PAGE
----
Nap by powerpoint

We all know PowerPoint tends to induce boredom. Despite that, many organizations expect it to be used in almost any setting and for almost any document. This article is about how we ended up here, and why dumping this cultural norm is a good idea.

To understand the “power” in PowerPoint, you have to understand what a cool tool it was way back in the 1990’s.

First of all, creating and decorating decks was fun. It was suddenly easy to insert spiffy clipart, add color, make text into neato shapes — kind of a business version of playing with crayons and a coloring book. (It’s still fun to create and decorate slides, so much so we often forget about meaningful and effective content.)

Secondly, the deck presentations were impressive. Audiences were wowed with beautiful backgrounds, fancy charts, and slides that seemed to move. Zowie!

Of course, that positive impression morphed into “death by PowerPoint”: slides crammed with text and presenters who drone on and on and on… So why does the PowerPoint habit live on?

Here’s why: PowerPoint dropped the bar for acceptable writing. We no longer needed full sentences, just headlines and stuff next to bullet points.

That is the main reason PowerPoint is still prevalent and so often used inappropriately. And here are five reasons why breaking the PowerPoint habit is worth it.

1) PowerPoint is a drag on creativity

No matter how well we know the content, creating teaching, presentation and other materials requires creative thinking. Creative thinking is messy, disorganized and scattered.

PowerPoint forces users to think and work in linear fashion, which means working in it fights our creative mental process. This conflict generates two overarching issues even when PPT is the right tool to use:

(a) Decks not only take longer to create, creating them takes greater effort.

(b) As we put forth that effort, our creative thinking becomes weary, which has a negative effect on how slides look and their efficacy in conveying information.

2) Content doesn’t flow as well

Again, no matter how well we know the content, initial ideas of how content should flow are usually less than ideal. PPT’s linear nature embeds a certain flow right from the start. We end up forcing content into that flow instead of shaping the deck around a desirable flow (often without realizing it).

Now, some people think PowerPoint makes it easy to adjust content flow because it’s easy to move slides around using the sorter. But slides are not usually discrete entities. Moving just one in order usually messes up several more… so we don’t do it, which again hurts quality and efficacy.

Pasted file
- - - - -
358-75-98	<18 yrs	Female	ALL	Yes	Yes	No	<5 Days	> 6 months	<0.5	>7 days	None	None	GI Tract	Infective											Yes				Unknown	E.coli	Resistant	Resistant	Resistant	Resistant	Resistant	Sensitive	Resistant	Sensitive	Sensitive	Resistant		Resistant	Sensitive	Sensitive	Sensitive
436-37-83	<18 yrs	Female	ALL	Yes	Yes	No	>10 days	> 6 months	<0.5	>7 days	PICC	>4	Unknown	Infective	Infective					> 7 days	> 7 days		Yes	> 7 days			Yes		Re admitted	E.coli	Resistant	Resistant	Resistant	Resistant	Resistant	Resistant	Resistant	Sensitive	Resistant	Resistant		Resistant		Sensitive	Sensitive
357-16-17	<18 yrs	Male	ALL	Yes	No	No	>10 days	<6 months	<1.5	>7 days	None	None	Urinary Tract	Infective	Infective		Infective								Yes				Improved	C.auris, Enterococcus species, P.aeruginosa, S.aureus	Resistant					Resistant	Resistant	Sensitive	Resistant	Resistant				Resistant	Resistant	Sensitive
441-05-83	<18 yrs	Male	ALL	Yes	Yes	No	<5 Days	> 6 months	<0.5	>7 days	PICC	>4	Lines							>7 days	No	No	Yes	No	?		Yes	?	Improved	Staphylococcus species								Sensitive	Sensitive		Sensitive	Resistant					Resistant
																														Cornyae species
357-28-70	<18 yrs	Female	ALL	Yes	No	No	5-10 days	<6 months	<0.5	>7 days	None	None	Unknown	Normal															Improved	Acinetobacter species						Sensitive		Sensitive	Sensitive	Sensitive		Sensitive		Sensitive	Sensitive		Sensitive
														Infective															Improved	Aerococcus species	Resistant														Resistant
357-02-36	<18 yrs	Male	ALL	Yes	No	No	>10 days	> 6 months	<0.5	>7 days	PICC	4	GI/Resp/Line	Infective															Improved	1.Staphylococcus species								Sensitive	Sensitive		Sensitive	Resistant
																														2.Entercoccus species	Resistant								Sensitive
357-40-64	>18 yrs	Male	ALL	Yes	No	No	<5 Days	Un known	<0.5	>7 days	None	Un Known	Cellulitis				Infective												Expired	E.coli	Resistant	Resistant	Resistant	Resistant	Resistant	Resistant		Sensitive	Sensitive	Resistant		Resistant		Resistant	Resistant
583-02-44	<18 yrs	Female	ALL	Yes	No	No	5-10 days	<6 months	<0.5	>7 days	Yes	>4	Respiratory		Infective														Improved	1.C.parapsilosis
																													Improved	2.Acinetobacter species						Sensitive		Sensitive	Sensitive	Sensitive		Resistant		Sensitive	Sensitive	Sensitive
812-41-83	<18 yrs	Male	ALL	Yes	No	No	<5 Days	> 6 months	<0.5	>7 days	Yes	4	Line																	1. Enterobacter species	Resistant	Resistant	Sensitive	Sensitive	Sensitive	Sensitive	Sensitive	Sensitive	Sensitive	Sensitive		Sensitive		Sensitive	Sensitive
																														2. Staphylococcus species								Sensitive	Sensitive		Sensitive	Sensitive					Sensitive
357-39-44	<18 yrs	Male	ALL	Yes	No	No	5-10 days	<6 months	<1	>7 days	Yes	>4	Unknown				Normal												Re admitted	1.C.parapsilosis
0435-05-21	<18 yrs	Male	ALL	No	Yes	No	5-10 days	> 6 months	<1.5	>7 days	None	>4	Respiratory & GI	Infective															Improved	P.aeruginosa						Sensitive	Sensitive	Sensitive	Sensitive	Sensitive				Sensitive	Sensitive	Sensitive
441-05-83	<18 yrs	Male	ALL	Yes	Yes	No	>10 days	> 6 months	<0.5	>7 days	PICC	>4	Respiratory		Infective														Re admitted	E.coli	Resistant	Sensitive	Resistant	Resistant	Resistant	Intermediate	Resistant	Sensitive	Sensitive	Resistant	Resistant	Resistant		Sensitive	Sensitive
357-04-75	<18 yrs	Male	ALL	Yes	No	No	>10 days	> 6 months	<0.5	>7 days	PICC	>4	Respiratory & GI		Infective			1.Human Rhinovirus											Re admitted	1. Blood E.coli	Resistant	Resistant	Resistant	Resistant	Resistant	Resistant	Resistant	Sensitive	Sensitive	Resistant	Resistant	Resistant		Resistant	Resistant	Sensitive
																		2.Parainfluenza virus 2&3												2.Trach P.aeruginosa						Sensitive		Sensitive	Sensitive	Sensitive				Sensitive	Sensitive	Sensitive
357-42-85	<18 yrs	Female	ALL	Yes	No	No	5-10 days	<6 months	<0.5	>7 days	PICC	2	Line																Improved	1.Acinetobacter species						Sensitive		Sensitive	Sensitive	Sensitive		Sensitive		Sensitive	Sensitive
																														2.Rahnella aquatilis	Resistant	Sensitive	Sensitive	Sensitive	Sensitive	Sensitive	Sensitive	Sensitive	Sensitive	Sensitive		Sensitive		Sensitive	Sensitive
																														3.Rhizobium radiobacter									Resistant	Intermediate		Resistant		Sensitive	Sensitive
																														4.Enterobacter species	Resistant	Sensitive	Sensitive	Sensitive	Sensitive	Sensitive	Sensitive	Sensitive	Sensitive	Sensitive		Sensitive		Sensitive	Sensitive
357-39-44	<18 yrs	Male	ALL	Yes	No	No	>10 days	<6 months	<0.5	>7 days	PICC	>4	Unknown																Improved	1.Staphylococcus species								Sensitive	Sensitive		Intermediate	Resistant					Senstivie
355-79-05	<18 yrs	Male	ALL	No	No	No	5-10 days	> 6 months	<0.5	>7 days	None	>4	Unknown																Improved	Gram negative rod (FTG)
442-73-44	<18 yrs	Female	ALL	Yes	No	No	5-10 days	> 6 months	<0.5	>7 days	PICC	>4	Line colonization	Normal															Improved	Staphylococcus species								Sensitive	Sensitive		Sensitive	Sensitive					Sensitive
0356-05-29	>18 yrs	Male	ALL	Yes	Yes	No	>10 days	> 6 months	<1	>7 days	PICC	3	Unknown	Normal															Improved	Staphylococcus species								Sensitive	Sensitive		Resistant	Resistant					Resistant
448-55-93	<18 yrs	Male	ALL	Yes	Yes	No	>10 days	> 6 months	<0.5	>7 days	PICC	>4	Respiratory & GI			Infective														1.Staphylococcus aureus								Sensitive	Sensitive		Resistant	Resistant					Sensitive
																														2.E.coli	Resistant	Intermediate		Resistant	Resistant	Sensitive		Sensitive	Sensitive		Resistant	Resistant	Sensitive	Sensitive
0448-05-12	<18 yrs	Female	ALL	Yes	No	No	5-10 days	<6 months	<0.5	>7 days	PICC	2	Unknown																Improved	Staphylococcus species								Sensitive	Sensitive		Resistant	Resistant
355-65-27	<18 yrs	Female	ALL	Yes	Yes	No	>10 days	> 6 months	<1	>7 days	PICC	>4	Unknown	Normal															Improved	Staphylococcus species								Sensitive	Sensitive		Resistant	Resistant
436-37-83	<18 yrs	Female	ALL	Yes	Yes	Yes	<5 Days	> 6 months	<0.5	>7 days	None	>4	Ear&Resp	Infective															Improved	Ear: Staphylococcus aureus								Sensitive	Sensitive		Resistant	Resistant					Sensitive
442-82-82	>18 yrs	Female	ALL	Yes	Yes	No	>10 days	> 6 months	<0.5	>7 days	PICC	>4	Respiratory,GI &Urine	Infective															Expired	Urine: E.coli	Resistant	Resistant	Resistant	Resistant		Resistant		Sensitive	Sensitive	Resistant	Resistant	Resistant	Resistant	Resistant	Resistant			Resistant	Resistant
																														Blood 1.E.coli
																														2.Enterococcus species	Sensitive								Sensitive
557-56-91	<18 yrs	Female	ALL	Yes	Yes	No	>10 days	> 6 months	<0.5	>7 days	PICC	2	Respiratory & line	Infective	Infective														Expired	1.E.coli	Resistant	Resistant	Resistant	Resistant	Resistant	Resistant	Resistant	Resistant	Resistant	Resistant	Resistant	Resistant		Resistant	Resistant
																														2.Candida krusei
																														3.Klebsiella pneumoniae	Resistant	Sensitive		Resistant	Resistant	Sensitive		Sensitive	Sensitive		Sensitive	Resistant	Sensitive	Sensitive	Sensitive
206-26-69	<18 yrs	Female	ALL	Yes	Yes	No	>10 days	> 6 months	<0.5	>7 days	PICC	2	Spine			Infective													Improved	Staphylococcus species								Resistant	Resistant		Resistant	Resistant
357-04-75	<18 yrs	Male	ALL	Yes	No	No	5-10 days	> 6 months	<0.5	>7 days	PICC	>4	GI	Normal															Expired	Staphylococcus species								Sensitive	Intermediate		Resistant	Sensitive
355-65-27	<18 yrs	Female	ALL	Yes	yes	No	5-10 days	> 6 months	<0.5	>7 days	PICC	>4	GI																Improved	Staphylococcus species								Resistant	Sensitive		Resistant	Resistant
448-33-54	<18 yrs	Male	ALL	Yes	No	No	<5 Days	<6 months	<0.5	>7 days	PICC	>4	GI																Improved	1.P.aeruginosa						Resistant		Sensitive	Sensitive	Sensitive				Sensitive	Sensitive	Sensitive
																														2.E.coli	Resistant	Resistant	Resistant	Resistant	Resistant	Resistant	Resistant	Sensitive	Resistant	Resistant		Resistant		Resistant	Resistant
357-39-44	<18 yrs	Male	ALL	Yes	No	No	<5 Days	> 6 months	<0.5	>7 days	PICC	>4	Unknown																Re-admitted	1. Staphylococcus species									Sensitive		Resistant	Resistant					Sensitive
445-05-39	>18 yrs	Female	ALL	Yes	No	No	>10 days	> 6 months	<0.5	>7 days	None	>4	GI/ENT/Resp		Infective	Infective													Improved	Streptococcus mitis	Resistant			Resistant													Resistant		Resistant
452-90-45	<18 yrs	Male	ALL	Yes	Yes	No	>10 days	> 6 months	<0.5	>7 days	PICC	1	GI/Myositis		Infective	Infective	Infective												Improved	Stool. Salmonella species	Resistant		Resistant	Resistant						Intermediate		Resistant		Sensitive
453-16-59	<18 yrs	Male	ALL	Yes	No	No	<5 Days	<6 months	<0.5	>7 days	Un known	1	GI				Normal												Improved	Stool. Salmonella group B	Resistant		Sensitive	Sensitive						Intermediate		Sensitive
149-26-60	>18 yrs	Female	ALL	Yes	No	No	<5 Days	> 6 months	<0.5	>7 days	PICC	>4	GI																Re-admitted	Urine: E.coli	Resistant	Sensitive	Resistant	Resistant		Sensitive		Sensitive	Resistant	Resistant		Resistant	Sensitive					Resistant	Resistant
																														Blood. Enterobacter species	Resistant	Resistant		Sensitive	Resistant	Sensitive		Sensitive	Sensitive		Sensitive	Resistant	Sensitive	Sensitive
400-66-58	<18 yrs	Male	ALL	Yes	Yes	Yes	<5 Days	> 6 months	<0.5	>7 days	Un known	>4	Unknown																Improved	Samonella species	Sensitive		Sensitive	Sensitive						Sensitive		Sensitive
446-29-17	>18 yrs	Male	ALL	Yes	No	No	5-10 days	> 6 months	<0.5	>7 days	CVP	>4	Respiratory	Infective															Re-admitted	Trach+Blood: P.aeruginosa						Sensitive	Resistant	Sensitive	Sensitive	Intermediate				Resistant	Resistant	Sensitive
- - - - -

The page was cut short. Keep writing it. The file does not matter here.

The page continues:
3) There’s too little or way too much

On the one hand, using PPT often prompts us to leave a lot of content out because that’s what slides “should” look like: bullet points and bullet-pointy sentences.

That’s perfect for a deck to be used in a presentation. Unfortunately, when PPT is the tool of choice for most materials, that means decks are often read and too much information is missing.

On the other hand, many people jam text onto slides, making them hard to read. Most viewers or readers don’t attempt to decipher the content — they just scan it — skipping information we want them to absorb.

4) PPT files have too many slides/pages

The number of slides also creates problems. To understand this issue, compare PowerPoint to Word.

When content from a deck is transferred into Word the document has one-third to one-half the number of pages even when appropriate explanatory text is added. Now I’ll flip that over, using this article as an example:

In Word it uses just under two pages. Most people will create seven to eighteen slides to “cover” the same content.

In a presentation, those seven to eighteen slides help generate the death by PowerPoint experience. Presenters tend to take longer to cover each slide and yet the information they’re presenting is not as rich — not as engaging.

The number of slides has negative impact when used as a document to read, too. Readers are less likely to thoroughly read seven pages/slides (much less eighteen).

5) Most people learn less

Studies show we absorb much less of what we see on a screen versus seeing the same thing on paper (something about touching paper helps). If the document is supposed to convey information we want people to absorb or learn, we want them to print and read it.

Alas, when a deck is received via email or download, many people view it on their monitor—they don’t print it.

Not PowerPoint’s fault

That’s enough of beating up Microsoft PowerPoint. The tool was and is expressly designed for showing graphic-heavy content on a monitor or other screen. It is an awesome program for that. But even if you’re thinking that’s perfect for your objectives, don’t fire up a blank deck and go to town. Step away from the keyboard and do this instead:

Consider the content—the information you want to convey — not how you want it to look. (It’s the how-it-will-look factor that sucks us onto the path of bad habits.)

  1. Use the Post-it method to think through the content and its flow, and to create an outline. This is an important step whether you end up using PPT or Word because it fits perfectly with creativity and sets things on an efficient path.
  2. Choose which program is best based on your objectives and how others will see or use the document.